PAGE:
The Harry Frank Guggenheim Emerging Scholar Awards (formerly the Harry Frank Guggenheim Dissertation Fellowships) recognize promising researchers in their final year of writing a doctoral dissertation examining a salient aspect of violence.
The Foundation welcomes proposals from any of the natural and social sciences or allied disciplines that promise to increase understanding of the causes, manifestations, and control of violence and aggression. Highest priority is given to research that addresses urgent, present-day problems of violence—what produces it, how it operates, and what prevents or reduces it.
The Foundation is interested in violence related to many subjects, including, but not limited to, the following:
- Family and intimate-partner relationships
- Climate instability and natural resource competition
- Racial, ethnic, and religious conflict
- Political extremism and nationalism
The Foundation supports research that investigates the basic mechanisms in the production of violence, but primacy is given to proposals that make a compelling case for the relevance of potential findings for policies intended to reduce these ills. Likewise, historical research is considered to the extent that it is relevant to a current situation of violence. Examinations of the effects of violence are welcome insofar as a strong case is made that these outcomes serve, in turn, as causes of future violence.
The Emerging Scholar Awards
The award is $25,000 for one year and contributes to the support of a doctoral candidate to enable the completion of a dissertation that advances the Foundation’s research interests described above in a timely manner. They are available only to students for support during the final year of Ph.D. studies.
The award does not support doctoral research.Applicants may be citizens of any country and studying at colleges or universities in any country.
Applications for the awards must be received by February 1, for a decision in June. Final decisions are made by the Board of Directors at its meeting in June. Applicants will be informed promptly by email of the Board’s decision. Awards ordinarily commence on September 1, but other starting dates (after July 1) may be requested if the nature of the project deems this appropriate.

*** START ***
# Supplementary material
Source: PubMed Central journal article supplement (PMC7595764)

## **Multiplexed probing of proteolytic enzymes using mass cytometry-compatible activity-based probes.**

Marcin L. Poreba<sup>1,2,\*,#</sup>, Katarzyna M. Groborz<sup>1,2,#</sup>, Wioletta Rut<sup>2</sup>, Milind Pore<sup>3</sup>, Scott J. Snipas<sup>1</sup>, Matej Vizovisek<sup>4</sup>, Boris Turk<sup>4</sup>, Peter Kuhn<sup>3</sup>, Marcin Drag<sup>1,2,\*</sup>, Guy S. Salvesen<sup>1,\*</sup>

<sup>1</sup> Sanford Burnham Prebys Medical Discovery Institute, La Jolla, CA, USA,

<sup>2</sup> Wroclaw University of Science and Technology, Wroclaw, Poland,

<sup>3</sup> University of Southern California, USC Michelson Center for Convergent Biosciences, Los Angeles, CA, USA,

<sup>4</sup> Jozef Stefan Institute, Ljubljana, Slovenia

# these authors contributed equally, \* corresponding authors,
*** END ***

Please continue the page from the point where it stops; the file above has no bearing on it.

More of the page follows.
Applicants for an award must be Ph.D. candidates entering the dissertation stage of graduate study. Usually, this means that fieldwork or other research is complete and writing has begun or will at the beginning of the award period. If analysis and writing are not far enough along for an applicant to be confident that the dissertation will be completed within the award year, an application should not be submitted. In some disciplines, particularly experimental fields, research and writing can reasonably be expected to be completed within the same year, and in those cases, it is appropriate to apply.
Candidates for the Harry Frank Guggenheim Emerging Scholar Awards may apply online annually between November 1 and February 1. Applicants must create an account to access the application and guidelines. The guidelines are also available through the second link below.
Online Application (Login required)
Application Guidelines (PDF)
Eldad Levy Guerrero (University of Texas at Austin). Making a Market for Security: Private Security Entrepreneurship in Mexico City
Tauhid bin Kashem (University of California, Irvine). Violence and Protection at the Borders of the Refugee Regime: Refugee Response in South and Southeast Asia
Isabel Laterzo (University of North Carolina at Chapel Hill). The Politics of Public Security: An Analysis of Campaigns and Policy in Brazilian States
Britni Moore (University of Illinois, Urbana-Champaign). Police Recruits and the Discursive Construction of Rape in Sexual Assault Training
Ana Paula Pellegrino (Georgetown University). The State That Forges Armed Criminal Groups
Apekshya Prasa (Massachusetts Institute of Technology). Gendered Processes of Rebellion: Understanding Strategies for Organizing Violence
Matthew Schissler (University of Michigan). Cultivating Islamophobia: Fear, Revulsion, and a Buddhist Movement Against Muslims in Myanmar
Natán Skigin (University of Notre Dame). Punitive Solidarity in Drug Wars: How Human Rights Campaigns Shape Prosocial Behavior and Criminal Justice Preferences